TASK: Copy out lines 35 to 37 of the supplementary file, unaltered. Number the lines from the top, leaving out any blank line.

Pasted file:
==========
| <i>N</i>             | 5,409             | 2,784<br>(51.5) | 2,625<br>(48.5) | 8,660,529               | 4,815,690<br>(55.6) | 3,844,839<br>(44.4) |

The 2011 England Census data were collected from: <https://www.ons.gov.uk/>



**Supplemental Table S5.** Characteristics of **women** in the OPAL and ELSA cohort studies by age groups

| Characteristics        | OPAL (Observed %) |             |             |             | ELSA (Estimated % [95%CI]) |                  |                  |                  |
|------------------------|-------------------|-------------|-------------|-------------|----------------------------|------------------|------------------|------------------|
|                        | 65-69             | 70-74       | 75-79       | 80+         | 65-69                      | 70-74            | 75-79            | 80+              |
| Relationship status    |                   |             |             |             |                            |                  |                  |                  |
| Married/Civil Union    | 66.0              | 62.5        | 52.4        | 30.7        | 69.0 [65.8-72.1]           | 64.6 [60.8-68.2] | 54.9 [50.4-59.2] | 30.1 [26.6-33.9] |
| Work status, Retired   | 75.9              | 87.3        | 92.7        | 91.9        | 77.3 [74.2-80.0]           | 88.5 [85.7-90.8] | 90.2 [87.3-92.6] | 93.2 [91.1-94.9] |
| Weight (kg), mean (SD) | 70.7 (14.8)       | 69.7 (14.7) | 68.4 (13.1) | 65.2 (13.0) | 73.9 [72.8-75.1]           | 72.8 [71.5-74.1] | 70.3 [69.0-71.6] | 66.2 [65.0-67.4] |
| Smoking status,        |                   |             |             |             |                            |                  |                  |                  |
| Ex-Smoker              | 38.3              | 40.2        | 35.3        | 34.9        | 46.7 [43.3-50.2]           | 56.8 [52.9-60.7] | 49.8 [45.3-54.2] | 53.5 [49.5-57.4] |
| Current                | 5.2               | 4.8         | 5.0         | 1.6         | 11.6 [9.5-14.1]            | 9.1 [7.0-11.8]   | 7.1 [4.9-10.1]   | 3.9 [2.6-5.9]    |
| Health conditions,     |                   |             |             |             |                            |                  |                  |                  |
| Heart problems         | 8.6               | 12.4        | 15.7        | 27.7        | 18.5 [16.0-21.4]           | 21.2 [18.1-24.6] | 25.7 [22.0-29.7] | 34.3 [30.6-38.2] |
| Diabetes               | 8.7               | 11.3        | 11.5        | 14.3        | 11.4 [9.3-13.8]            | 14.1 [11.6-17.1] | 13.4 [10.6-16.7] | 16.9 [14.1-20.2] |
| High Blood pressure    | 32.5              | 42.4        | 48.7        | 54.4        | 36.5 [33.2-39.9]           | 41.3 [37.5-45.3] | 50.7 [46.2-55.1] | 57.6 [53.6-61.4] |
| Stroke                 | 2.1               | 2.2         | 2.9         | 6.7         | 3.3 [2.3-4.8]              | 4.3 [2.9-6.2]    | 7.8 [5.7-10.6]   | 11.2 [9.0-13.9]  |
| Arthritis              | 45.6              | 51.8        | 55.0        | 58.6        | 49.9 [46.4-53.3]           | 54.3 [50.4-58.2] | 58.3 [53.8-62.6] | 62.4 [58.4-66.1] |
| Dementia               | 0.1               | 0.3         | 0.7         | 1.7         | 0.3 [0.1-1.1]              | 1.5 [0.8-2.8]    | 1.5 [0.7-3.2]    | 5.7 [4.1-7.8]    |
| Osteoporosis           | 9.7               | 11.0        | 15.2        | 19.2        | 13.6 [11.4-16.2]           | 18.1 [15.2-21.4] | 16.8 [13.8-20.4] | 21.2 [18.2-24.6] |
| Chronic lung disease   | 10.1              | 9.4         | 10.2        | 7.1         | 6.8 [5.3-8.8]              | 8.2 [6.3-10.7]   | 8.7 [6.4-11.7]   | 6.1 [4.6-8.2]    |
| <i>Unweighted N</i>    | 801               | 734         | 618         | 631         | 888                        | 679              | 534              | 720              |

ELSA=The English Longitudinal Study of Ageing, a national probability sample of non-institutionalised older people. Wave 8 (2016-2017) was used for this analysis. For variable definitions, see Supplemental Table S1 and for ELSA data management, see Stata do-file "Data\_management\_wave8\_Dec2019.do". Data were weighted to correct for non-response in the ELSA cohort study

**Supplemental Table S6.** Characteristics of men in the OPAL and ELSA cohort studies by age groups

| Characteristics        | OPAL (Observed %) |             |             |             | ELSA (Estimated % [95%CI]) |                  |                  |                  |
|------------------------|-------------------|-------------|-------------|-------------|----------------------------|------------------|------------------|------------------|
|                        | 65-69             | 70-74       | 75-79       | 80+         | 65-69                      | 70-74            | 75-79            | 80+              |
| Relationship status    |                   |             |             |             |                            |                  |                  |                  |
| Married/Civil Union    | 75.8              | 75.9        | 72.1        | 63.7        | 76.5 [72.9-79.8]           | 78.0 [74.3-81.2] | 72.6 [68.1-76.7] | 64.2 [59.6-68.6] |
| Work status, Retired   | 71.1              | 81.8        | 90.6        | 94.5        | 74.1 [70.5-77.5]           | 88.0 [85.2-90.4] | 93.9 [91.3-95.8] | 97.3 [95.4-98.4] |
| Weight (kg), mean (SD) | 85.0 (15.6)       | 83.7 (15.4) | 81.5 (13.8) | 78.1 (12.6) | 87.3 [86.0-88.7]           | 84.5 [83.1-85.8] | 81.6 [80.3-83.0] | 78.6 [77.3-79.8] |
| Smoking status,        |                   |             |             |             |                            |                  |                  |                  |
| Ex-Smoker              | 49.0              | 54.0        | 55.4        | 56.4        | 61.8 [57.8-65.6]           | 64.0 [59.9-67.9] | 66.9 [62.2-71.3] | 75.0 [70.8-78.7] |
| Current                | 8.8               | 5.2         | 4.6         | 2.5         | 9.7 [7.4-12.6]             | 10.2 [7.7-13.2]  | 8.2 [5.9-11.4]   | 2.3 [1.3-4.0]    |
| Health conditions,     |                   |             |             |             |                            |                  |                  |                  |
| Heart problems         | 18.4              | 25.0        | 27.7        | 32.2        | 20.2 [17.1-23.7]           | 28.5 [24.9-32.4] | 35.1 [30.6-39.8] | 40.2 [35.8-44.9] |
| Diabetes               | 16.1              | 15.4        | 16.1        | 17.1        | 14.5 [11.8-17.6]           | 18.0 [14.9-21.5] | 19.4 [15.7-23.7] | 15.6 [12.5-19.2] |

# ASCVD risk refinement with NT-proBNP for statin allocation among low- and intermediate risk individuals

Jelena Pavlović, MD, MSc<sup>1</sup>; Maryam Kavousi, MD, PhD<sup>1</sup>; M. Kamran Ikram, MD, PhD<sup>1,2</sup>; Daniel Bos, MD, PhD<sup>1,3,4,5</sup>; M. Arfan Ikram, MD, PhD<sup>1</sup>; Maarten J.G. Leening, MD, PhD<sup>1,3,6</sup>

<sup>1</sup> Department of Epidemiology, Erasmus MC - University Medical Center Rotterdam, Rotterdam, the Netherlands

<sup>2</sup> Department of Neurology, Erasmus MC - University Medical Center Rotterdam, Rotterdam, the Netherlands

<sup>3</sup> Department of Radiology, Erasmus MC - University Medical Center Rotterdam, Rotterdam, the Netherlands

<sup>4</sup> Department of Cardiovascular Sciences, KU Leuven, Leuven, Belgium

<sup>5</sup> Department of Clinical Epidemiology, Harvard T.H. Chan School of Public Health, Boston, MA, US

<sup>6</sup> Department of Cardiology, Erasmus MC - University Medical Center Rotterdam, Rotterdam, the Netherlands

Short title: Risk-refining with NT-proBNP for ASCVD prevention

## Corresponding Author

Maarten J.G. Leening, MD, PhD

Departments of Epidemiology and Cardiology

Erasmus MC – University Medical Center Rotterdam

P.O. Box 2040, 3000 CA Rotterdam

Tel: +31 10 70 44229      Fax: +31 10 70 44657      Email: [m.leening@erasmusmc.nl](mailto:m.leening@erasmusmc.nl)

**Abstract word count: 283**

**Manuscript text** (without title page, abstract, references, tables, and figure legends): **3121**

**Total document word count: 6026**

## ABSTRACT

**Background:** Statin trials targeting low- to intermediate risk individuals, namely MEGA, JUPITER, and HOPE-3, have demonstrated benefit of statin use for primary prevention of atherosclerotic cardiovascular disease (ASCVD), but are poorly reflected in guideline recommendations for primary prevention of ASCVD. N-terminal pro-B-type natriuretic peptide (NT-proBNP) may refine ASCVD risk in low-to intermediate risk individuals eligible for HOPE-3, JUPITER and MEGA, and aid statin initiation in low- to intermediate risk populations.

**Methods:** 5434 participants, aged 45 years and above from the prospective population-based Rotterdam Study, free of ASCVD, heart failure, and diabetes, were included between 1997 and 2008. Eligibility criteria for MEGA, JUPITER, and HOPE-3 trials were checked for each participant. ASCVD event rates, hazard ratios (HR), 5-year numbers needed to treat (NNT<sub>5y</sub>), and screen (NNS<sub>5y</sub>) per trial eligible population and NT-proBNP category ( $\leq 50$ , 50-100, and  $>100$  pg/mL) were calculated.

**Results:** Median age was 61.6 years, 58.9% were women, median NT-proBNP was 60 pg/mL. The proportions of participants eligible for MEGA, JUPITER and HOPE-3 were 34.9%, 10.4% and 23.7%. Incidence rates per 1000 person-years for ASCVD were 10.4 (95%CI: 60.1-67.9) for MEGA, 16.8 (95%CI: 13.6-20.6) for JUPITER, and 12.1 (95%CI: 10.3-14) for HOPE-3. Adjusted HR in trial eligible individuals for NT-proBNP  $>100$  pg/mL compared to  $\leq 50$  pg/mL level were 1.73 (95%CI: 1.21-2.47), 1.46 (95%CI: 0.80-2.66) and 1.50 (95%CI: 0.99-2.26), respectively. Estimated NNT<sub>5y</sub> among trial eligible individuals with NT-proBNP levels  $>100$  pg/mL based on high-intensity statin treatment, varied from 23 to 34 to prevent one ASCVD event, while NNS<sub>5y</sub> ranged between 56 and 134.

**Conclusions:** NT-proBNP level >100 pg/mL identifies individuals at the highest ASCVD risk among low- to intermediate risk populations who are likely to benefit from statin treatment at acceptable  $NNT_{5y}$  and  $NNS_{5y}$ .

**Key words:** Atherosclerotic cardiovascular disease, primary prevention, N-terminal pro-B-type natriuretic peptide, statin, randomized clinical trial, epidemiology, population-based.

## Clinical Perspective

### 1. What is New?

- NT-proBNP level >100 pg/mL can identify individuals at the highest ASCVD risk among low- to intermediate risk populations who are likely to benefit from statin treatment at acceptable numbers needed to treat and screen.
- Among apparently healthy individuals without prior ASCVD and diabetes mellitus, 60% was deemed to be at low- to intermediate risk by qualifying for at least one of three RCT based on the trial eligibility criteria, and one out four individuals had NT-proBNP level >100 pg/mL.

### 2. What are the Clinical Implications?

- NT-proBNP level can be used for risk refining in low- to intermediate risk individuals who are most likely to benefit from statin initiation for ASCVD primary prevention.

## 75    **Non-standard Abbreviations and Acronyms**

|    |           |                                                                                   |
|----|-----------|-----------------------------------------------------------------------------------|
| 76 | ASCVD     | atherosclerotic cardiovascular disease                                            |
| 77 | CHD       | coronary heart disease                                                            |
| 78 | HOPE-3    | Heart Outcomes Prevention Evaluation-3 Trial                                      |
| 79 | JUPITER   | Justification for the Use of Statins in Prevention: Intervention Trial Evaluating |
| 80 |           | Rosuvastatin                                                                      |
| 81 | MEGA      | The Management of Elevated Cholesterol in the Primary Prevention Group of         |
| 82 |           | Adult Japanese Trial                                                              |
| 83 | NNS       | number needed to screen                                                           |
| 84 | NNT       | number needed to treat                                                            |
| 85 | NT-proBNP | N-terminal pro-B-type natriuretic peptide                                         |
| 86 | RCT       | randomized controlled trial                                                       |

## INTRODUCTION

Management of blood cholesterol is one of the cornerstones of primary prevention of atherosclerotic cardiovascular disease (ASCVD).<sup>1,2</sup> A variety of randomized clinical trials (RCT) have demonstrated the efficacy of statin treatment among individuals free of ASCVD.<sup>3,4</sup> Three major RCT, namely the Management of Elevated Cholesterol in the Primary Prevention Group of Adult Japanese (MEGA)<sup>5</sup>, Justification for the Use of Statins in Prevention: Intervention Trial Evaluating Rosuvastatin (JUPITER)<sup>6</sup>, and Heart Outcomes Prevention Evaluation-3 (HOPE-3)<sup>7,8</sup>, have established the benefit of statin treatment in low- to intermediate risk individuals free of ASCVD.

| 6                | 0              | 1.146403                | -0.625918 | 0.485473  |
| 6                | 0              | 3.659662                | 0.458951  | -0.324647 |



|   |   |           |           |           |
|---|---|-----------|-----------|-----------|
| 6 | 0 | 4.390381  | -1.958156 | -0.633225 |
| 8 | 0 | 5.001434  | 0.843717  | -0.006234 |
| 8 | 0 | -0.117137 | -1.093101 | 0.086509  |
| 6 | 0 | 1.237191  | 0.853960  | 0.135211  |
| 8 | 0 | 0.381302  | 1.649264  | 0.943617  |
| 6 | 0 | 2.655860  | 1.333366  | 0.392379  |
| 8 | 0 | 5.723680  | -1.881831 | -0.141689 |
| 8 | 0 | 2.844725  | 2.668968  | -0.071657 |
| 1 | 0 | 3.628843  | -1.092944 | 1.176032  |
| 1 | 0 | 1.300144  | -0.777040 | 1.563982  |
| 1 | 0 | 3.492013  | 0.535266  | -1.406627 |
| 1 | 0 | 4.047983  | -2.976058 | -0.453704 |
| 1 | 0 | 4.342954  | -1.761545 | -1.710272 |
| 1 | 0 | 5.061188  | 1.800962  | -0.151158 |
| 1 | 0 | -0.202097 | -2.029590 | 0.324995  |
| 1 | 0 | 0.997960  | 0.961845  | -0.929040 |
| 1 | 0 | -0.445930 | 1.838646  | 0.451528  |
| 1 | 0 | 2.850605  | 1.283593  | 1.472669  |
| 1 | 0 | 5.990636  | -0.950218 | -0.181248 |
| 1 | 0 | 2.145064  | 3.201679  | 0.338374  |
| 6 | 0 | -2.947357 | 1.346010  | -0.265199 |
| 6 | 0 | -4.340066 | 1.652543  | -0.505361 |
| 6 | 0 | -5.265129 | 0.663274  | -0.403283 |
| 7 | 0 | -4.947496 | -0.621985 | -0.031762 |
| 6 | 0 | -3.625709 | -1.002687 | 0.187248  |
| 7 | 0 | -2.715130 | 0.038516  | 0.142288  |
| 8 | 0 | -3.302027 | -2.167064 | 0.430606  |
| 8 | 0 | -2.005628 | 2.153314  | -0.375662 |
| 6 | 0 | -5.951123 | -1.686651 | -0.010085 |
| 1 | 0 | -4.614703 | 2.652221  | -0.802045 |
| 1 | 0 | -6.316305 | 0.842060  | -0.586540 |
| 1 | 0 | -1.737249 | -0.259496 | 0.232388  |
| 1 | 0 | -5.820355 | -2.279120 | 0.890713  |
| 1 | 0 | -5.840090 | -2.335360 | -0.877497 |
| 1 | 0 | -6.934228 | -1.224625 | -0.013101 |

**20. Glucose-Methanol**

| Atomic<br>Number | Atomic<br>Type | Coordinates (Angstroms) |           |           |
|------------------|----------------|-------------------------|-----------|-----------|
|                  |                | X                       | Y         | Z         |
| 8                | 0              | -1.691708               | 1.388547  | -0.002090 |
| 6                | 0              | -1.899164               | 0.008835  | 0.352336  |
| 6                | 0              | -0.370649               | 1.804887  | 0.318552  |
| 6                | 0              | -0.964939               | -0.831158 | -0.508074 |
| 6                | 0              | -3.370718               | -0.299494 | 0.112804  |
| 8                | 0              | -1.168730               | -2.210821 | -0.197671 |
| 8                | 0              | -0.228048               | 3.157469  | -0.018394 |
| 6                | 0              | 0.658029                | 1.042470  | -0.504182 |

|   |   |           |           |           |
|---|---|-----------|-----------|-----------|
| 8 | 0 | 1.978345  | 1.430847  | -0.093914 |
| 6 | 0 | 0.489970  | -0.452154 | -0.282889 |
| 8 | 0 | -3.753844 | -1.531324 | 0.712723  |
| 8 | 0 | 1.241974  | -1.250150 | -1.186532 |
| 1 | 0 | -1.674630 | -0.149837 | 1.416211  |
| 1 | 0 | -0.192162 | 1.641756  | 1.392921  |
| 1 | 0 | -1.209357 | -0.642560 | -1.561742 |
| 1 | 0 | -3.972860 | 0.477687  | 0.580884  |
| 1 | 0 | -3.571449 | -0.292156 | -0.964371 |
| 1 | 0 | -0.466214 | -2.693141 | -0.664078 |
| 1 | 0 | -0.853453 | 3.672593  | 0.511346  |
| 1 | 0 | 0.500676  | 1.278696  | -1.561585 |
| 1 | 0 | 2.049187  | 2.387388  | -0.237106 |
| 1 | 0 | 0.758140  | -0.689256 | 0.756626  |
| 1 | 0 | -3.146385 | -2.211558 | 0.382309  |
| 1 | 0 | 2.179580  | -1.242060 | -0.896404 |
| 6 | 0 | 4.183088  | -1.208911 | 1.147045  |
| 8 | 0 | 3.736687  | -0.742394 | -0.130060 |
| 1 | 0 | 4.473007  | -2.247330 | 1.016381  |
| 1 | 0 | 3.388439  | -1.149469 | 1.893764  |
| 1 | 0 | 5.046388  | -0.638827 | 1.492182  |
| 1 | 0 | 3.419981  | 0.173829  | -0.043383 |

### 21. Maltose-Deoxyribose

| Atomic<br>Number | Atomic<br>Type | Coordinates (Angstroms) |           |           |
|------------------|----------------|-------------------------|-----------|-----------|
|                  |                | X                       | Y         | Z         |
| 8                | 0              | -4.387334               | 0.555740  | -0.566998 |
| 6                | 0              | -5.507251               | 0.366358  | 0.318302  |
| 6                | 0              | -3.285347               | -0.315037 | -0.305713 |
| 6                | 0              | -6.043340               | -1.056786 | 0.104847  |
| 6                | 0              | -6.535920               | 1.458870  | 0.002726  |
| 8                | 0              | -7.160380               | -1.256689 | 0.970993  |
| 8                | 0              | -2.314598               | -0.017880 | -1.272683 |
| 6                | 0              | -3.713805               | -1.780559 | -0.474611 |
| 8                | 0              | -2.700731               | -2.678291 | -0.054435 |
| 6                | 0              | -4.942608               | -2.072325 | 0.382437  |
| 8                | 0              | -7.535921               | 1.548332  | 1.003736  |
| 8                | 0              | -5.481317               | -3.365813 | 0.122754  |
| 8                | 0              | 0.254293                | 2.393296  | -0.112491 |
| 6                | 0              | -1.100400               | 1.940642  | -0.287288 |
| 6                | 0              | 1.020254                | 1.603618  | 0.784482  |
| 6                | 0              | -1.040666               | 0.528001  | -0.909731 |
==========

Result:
| Current                | 8.8               | 5.2         | 4.6         | 2.5         | 9.7 [7.4-12.6]             | 10.2 [7.7-13.2]  | 8.2 [5.9-11.4]   | 2.3 [1.3-4.0]    |
| Health conditions,     |                   |             |             |             |                            |                  |                  |                  |
| Heart problems         | 18.4              | 25.0        | 27.7        | 32.2        | 20.2 [17.1-23.7]           | 28.5 [24.9-32.4] | 35.1 [30.6-39.8] | 40.2 [35.8-44.9] |